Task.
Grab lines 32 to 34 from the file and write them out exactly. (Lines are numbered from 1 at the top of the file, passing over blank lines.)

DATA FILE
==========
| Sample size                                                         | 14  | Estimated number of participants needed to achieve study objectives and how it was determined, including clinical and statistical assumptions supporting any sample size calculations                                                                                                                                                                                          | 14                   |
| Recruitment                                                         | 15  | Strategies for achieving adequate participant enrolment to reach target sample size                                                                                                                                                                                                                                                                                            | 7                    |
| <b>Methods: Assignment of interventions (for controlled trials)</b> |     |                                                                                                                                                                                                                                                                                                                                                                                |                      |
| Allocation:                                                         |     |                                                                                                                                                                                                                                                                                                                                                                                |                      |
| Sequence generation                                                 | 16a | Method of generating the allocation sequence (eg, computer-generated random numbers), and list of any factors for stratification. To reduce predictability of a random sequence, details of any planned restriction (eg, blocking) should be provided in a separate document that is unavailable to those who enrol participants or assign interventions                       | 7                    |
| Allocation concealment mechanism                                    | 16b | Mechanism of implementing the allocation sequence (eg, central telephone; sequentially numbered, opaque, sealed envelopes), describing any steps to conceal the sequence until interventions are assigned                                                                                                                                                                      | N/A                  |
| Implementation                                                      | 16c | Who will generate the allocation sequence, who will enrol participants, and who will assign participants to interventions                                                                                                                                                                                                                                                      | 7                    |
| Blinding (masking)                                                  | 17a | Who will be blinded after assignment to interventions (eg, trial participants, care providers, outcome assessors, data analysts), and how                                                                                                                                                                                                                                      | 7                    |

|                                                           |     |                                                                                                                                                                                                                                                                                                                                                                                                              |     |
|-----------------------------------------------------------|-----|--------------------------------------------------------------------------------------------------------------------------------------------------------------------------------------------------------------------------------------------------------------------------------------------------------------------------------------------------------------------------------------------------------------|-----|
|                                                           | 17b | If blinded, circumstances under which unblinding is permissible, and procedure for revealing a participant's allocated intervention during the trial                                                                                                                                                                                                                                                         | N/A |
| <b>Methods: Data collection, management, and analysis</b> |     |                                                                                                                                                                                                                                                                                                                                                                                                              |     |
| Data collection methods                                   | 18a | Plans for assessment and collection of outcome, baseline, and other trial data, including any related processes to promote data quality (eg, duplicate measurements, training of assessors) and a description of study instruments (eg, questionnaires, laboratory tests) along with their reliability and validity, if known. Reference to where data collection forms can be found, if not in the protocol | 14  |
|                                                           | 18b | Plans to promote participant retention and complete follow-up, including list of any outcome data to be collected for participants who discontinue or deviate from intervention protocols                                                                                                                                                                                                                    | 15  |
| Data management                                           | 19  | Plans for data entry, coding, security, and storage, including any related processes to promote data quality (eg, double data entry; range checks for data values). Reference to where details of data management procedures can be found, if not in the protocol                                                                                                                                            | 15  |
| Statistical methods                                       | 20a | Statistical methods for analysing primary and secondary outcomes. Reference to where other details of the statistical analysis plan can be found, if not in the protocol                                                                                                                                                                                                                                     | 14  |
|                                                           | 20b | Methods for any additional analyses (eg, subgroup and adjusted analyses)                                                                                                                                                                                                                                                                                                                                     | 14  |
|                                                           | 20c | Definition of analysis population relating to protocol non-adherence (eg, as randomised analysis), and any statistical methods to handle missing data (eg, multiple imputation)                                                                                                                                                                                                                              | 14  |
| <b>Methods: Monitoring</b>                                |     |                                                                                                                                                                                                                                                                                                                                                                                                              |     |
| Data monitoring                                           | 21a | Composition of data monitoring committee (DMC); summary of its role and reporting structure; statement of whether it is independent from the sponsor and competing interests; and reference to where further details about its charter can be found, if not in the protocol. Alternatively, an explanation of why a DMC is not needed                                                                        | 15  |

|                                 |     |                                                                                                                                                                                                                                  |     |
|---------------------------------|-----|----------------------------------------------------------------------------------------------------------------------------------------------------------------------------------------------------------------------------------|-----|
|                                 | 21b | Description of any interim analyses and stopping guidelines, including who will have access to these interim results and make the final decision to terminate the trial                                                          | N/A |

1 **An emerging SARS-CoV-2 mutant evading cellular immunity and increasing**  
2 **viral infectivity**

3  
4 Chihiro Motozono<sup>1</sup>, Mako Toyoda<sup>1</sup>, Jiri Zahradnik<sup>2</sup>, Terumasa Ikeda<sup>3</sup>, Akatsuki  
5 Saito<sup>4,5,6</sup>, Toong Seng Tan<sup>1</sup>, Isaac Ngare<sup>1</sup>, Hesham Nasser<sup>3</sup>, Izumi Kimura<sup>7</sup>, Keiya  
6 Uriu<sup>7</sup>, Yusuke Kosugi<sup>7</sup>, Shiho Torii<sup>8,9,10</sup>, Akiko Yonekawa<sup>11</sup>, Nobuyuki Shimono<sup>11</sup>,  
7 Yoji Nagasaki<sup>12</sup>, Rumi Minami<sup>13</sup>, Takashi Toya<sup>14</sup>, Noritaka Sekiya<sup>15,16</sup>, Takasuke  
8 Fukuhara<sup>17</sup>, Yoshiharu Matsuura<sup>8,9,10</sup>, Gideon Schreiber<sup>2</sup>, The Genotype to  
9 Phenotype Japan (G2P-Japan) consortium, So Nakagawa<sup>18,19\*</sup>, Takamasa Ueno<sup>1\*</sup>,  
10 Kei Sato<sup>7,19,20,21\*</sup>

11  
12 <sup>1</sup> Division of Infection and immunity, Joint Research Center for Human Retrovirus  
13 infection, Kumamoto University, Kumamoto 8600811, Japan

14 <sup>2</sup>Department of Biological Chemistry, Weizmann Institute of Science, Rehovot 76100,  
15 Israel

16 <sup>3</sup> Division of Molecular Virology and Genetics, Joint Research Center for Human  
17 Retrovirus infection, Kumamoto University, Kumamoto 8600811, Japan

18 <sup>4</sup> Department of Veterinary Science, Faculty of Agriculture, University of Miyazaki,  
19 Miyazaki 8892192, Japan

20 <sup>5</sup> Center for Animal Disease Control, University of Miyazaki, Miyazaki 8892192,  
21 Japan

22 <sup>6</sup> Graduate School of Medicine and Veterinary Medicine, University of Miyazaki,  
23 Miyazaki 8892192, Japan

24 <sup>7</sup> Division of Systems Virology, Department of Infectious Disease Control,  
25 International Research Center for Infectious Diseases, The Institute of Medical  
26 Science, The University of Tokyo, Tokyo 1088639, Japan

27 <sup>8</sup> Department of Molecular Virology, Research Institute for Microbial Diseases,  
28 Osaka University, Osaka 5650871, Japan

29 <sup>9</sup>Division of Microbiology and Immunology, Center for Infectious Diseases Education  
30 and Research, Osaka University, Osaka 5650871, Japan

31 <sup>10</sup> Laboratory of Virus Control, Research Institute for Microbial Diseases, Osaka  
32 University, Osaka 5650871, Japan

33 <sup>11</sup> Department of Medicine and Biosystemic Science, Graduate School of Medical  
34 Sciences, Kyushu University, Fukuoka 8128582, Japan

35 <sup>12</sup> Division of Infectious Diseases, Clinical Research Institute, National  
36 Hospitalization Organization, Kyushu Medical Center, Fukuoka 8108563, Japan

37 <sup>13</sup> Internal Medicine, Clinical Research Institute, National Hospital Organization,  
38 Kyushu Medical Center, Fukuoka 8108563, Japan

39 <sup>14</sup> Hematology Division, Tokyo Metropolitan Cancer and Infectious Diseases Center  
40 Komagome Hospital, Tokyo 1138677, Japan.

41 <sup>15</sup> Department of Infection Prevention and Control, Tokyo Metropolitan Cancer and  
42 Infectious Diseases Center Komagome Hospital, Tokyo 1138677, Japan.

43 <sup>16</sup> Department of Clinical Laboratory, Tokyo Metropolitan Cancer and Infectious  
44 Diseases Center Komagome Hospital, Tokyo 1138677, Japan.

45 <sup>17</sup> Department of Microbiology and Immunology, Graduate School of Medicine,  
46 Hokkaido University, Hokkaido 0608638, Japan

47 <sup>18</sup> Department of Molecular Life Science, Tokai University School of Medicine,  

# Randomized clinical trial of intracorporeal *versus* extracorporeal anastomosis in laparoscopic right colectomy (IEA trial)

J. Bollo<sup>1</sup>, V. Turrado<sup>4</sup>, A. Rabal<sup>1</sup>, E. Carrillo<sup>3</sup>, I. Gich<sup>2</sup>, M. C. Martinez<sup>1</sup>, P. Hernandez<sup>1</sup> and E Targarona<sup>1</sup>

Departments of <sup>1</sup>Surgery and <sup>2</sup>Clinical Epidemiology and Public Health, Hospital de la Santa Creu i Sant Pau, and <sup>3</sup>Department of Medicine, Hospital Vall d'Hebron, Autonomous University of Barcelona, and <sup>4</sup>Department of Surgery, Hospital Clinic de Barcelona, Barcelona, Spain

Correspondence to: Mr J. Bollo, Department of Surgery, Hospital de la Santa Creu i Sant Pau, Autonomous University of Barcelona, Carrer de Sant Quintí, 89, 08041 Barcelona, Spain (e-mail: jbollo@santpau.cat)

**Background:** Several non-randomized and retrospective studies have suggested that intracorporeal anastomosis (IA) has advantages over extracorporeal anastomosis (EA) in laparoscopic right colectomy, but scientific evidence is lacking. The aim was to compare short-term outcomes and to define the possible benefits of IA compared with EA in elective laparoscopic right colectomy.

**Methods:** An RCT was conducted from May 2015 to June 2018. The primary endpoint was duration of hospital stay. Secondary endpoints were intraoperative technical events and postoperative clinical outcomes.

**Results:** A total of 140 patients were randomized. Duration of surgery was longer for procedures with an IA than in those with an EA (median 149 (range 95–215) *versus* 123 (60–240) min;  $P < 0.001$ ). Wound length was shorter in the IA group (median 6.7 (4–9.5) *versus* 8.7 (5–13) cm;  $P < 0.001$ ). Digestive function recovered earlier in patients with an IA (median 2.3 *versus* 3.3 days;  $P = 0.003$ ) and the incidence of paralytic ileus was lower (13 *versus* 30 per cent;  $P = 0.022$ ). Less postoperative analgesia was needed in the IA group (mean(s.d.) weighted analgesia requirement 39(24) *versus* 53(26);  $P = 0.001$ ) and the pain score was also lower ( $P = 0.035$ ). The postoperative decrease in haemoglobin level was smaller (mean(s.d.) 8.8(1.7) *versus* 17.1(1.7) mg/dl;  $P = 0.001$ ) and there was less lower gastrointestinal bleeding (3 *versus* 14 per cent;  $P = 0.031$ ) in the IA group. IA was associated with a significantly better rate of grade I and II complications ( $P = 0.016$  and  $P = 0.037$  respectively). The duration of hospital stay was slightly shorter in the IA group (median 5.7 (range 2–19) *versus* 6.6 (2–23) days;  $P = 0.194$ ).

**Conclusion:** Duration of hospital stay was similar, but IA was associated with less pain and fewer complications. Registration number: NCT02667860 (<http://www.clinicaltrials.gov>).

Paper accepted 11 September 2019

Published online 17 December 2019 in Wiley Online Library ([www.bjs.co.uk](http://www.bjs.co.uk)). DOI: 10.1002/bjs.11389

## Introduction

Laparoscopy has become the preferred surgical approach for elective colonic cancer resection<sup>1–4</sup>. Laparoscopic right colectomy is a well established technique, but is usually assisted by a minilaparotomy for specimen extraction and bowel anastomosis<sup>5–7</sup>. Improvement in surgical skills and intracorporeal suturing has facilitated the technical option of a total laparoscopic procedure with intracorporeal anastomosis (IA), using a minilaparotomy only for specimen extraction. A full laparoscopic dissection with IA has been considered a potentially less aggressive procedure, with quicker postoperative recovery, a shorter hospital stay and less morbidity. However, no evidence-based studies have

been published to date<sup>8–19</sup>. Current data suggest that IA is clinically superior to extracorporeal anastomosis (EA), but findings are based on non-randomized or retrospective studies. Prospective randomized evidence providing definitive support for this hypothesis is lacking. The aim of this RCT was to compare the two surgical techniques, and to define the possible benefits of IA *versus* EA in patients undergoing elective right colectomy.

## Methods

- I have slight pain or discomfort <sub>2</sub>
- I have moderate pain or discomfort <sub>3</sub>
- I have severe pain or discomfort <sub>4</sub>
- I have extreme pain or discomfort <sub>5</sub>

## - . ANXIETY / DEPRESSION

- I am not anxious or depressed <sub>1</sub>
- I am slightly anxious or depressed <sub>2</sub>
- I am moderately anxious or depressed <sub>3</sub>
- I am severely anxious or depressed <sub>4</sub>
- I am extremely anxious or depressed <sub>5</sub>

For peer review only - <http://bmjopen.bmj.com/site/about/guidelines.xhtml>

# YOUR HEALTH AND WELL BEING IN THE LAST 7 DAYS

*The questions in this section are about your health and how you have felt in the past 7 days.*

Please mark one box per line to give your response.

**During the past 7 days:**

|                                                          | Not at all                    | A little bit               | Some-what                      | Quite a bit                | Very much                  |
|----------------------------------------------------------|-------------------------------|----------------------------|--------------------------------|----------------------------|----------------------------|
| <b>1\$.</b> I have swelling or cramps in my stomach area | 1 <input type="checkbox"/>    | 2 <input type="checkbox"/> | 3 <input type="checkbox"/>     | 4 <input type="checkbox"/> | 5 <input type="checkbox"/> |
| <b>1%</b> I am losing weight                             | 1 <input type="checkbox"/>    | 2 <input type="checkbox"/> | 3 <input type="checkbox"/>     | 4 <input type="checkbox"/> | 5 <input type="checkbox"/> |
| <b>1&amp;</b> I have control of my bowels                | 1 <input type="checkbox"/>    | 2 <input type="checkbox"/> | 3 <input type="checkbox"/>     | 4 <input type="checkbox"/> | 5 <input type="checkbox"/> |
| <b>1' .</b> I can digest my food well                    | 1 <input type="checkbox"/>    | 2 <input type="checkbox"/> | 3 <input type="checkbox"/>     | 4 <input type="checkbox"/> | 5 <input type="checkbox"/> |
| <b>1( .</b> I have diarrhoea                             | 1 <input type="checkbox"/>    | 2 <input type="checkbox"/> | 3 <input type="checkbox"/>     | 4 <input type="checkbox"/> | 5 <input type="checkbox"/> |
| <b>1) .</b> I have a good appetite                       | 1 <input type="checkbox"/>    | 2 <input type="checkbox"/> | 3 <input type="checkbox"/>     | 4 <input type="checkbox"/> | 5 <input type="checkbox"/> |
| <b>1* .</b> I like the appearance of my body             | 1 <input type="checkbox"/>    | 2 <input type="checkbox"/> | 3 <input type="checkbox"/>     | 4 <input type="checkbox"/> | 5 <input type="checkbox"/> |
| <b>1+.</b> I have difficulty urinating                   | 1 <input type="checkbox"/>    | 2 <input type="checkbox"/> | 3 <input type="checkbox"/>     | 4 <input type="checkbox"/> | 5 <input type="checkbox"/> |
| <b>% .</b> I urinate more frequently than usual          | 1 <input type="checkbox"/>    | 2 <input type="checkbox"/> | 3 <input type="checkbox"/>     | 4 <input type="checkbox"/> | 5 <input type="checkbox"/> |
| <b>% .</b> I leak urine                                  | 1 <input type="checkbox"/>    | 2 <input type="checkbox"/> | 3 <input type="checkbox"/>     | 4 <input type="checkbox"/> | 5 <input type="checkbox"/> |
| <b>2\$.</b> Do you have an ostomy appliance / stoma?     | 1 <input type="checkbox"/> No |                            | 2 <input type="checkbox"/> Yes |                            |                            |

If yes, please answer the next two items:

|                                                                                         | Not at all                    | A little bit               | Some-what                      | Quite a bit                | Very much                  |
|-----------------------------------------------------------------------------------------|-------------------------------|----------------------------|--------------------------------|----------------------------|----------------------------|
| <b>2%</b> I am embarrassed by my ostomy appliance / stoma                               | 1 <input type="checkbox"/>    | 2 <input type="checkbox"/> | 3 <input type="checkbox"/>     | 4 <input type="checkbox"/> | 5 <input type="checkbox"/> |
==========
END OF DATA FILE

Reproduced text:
9 Phenotype Japan (G2P-Japan) consortium, So Nakagawa<sup>18,19\*</sup>, Takamasa Ueno<sup>1\*</sup>,  
10 Kei Sato<sup>7,19,20,21\*</sup>

11  